Nationally, nearly 25 percent of all K-12 students are Latino and the percentage is only growing. In California, the most populous state in the country, Latinos comprise 53 percent of all students in K-12. Latino families like these–who live all across the country from the Southeast to the West Coast–are often bilingual with Spanish being the main home language for many.

And, guess what? Until now there have been very few children’s books for this huge population of children who want to see themselves and their families in children’s books.

Finally, one publisher is doing something about it. In the early 2000s, Katherine Del Monte founded Lectura Books and since then has been publishing bilingual books aimed at this large and increasingly expanding population. Her desire has been for parents and their kids to learn together how to love literature and to see themselves in the literature. These families are often marginalized in our society and their stories untold. To remedy this, she started Family Stories for Parent Involvement.

“We all want a literate society,” says Del Monte. “The question is how do we get there? How do we do we reach millions of families who speak Spanish at home and help them learn English, learn how to read, and to build vocabulary. Reading is the essential building block for literacy and if we don’t create bilingual books for these families, our society will lose the edge that literate and educated citizens bring to the country and its economy.”

Based on her research and personal experience, Del Monte decided to tell their stories in a combination of both English and Spanish. To date, she has published 25 bilingual books including Letters Forever, a moving story about a young girl in San Antonio who exchanges letters with her grandfather who lives in Veracruz, Mexico. She dreams of seeing him again one day and when she becomes 18 she visits him in Veracruz. It’s a story of love across the generations and the power of culture and music.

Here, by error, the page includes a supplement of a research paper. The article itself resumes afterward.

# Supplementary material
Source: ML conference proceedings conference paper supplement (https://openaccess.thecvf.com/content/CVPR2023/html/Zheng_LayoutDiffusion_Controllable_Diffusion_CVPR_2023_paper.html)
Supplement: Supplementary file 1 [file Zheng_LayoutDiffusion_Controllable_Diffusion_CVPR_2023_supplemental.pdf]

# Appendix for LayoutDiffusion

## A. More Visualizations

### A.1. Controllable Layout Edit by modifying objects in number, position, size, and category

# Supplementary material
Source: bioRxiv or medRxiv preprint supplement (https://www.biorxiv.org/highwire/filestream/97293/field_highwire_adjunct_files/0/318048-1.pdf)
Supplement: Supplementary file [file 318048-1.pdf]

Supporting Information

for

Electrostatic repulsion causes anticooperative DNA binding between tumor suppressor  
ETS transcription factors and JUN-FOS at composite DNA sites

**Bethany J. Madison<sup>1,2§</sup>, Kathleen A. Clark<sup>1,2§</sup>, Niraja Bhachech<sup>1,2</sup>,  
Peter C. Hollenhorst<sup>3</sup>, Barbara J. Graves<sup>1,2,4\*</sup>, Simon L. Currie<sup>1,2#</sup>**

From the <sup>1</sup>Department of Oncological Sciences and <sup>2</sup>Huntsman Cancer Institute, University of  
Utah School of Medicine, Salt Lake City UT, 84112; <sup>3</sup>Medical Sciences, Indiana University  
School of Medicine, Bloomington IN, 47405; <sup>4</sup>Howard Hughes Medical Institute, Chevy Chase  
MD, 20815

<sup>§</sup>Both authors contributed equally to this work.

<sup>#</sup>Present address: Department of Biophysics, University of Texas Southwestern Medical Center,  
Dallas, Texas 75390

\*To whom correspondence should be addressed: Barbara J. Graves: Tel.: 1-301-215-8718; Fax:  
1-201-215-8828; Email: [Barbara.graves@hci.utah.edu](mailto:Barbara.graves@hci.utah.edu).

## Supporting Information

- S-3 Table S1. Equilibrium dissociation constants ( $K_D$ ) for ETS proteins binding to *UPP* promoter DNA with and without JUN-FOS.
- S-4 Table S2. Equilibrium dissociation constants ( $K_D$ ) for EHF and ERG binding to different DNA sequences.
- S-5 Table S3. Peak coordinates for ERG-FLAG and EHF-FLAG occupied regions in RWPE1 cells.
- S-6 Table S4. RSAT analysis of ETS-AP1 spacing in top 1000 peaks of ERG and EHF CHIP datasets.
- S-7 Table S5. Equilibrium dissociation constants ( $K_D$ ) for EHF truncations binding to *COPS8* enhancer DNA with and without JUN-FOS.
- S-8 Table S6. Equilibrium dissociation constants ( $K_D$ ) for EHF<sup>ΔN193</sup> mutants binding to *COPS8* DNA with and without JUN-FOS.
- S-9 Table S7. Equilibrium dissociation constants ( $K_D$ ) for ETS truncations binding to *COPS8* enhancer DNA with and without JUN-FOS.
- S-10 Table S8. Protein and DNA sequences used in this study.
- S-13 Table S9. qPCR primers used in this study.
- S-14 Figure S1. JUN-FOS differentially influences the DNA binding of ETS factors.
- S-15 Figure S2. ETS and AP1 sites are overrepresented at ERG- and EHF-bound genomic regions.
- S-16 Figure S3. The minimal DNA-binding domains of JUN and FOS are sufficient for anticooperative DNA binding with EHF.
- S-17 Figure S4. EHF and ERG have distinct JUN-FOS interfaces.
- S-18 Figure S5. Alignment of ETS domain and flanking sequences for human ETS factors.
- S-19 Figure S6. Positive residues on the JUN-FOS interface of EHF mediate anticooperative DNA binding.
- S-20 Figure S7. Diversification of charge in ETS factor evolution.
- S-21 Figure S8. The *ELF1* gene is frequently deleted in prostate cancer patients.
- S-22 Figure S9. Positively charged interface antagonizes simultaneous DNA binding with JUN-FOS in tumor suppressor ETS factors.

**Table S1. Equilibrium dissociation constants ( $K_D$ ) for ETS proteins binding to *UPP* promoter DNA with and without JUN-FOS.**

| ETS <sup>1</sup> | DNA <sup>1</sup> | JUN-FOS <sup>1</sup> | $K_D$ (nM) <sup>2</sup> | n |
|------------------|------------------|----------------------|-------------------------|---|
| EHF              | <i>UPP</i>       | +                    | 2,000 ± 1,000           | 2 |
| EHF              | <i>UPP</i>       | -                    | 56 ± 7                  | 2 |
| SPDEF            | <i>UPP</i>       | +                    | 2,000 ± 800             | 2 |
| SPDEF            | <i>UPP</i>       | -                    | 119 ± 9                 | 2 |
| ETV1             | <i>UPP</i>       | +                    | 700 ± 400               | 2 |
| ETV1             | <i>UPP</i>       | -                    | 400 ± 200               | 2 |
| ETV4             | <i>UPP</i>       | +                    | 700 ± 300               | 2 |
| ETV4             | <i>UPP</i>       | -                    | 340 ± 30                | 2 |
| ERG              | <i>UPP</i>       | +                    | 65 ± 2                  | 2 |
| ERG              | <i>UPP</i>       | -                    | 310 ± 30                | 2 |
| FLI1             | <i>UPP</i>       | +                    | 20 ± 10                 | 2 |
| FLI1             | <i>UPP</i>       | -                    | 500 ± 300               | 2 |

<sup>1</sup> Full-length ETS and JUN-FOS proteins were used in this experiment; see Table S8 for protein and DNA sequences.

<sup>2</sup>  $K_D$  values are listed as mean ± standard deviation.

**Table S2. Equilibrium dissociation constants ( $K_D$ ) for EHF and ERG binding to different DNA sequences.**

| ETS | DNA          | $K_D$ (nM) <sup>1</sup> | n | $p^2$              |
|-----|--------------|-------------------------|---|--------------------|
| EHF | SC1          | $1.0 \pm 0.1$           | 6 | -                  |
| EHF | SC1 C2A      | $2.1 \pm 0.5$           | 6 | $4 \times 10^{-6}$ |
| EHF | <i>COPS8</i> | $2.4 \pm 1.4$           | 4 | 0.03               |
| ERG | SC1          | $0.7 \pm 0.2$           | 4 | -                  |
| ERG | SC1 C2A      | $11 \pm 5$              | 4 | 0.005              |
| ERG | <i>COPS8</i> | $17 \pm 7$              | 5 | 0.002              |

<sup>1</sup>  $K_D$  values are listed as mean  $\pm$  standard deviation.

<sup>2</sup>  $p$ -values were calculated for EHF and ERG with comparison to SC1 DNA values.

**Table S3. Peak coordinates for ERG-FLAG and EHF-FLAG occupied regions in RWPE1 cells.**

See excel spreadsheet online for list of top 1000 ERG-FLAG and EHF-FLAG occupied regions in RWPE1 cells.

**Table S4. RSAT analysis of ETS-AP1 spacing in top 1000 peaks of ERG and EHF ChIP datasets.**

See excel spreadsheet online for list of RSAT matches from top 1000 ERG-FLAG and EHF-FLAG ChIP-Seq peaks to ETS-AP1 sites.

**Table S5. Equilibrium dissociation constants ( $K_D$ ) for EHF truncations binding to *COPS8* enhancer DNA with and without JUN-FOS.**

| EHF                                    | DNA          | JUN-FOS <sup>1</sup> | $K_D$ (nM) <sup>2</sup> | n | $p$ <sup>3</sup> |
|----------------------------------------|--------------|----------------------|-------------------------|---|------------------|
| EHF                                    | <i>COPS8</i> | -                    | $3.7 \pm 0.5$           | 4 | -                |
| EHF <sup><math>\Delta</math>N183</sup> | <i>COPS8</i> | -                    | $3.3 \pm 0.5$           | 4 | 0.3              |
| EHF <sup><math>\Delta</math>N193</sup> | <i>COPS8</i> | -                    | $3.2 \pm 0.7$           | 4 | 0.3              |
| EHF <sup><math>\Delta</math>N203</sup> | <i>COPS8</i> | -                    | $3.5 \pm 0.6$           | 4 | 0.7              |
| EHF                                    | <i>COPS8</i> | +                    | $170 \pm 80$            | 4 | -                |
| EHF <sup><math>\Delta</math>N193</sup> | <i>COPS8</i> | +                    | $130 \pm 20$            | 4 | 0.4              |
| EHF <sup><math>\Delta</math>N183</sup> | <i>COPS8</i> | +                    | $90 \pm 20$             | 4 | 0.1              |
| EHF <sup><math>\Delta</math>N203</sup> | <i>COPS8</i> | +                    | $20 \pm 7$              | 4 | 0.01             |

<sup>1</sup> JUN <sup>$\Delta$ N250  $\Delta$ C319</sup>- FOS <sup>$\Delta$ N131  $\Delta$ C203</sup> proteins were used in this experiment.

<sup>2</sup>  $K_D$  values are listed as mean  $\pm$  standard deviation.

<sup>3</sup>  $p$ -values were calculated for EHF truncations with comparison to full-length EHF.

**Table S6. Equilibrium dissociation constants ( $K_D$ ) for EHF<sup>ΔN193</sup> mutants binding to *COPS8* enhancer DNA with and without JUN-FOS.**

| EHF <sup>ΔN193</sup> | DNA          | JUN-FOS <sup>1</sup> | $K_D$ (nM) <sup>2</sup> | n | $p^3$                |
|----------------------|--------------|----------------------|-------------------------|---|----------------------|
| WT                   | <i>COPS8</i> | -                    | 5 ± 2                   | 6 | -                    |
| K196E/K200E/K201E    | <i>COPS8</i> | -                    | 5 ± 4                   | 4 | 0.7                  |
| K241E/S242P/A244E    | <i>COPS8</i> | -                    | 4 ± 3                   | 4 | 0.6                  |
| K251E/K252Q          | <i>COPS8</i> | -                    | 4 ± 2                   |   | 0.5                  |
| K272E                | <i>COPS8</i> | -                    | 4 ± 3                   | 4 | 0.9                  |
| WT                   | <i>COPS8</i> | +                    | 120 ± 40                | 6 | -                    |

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Another title published by Lectura Books is The Shark That Taught Me English. Written and illustrated for elementary students, it tells the story of a girl named Sophia who only speaks Spanish and how she learns English with the help of a shark image that her teacher uses in class. Once she begins to learn English, her self-confidence grows and by the end of the book she is teaching English to her father. Del Monte’s books have won many awards including the Moonbeam Award, the Independent Publishers Award, the International Latino Book Award and been listed on the Texas State Reading List.
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“My goal is to show the stories that are overlooked by mainstream publishers,” explains Del Monte. “I want to publish bilingual books that connect families to their stories. Rather than allow this audience to be an afterthought at best, I want to showcase the brilliance and wisdom of their stories. No one in the U.S. is doing this today. You simply can’t ignore a quarter of all the children in our schools. You can’t ignore their parents simply because they don’t speak English, are immigrants and work in low-paying jobs. True diversity in book publishing will only come by publishing in English and Spanish for the 37 million people in our country who speak Spanish.”
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This is not a new concern. In 2014, a hashtag #WeNeedDiverseBooks became a social media phenomenon when two authors of color, Ellen Oh and Lamar Giles, tired of the lack of diversity in kidlit, launched the hashtag and a movement was born that brought awareness to the stunning lack of diversity in American children’s literature.

Flavorwire recently reported that, “In 2013, the Cooperative Children’s Book Center in Wisconsin cataloged 3,200 children’s books, constituting a majority of all children’s books published that year. Of these, only 68 — about two percent — had black authors. A slightly larger number, 93, had black protagonists. The numbers are either comparable or worse for Asian Americans, Latinos, and American Indians, and show stagnant or regressive movement.” They also noted that a 2014 Publisher’s Weekly salary survey included questions about race and ethnicity and it found some dismal results: of the people working in publishing 89 percent are white and only three percent are Hispanic or Latino, 3 percent Asian and one percent African-American.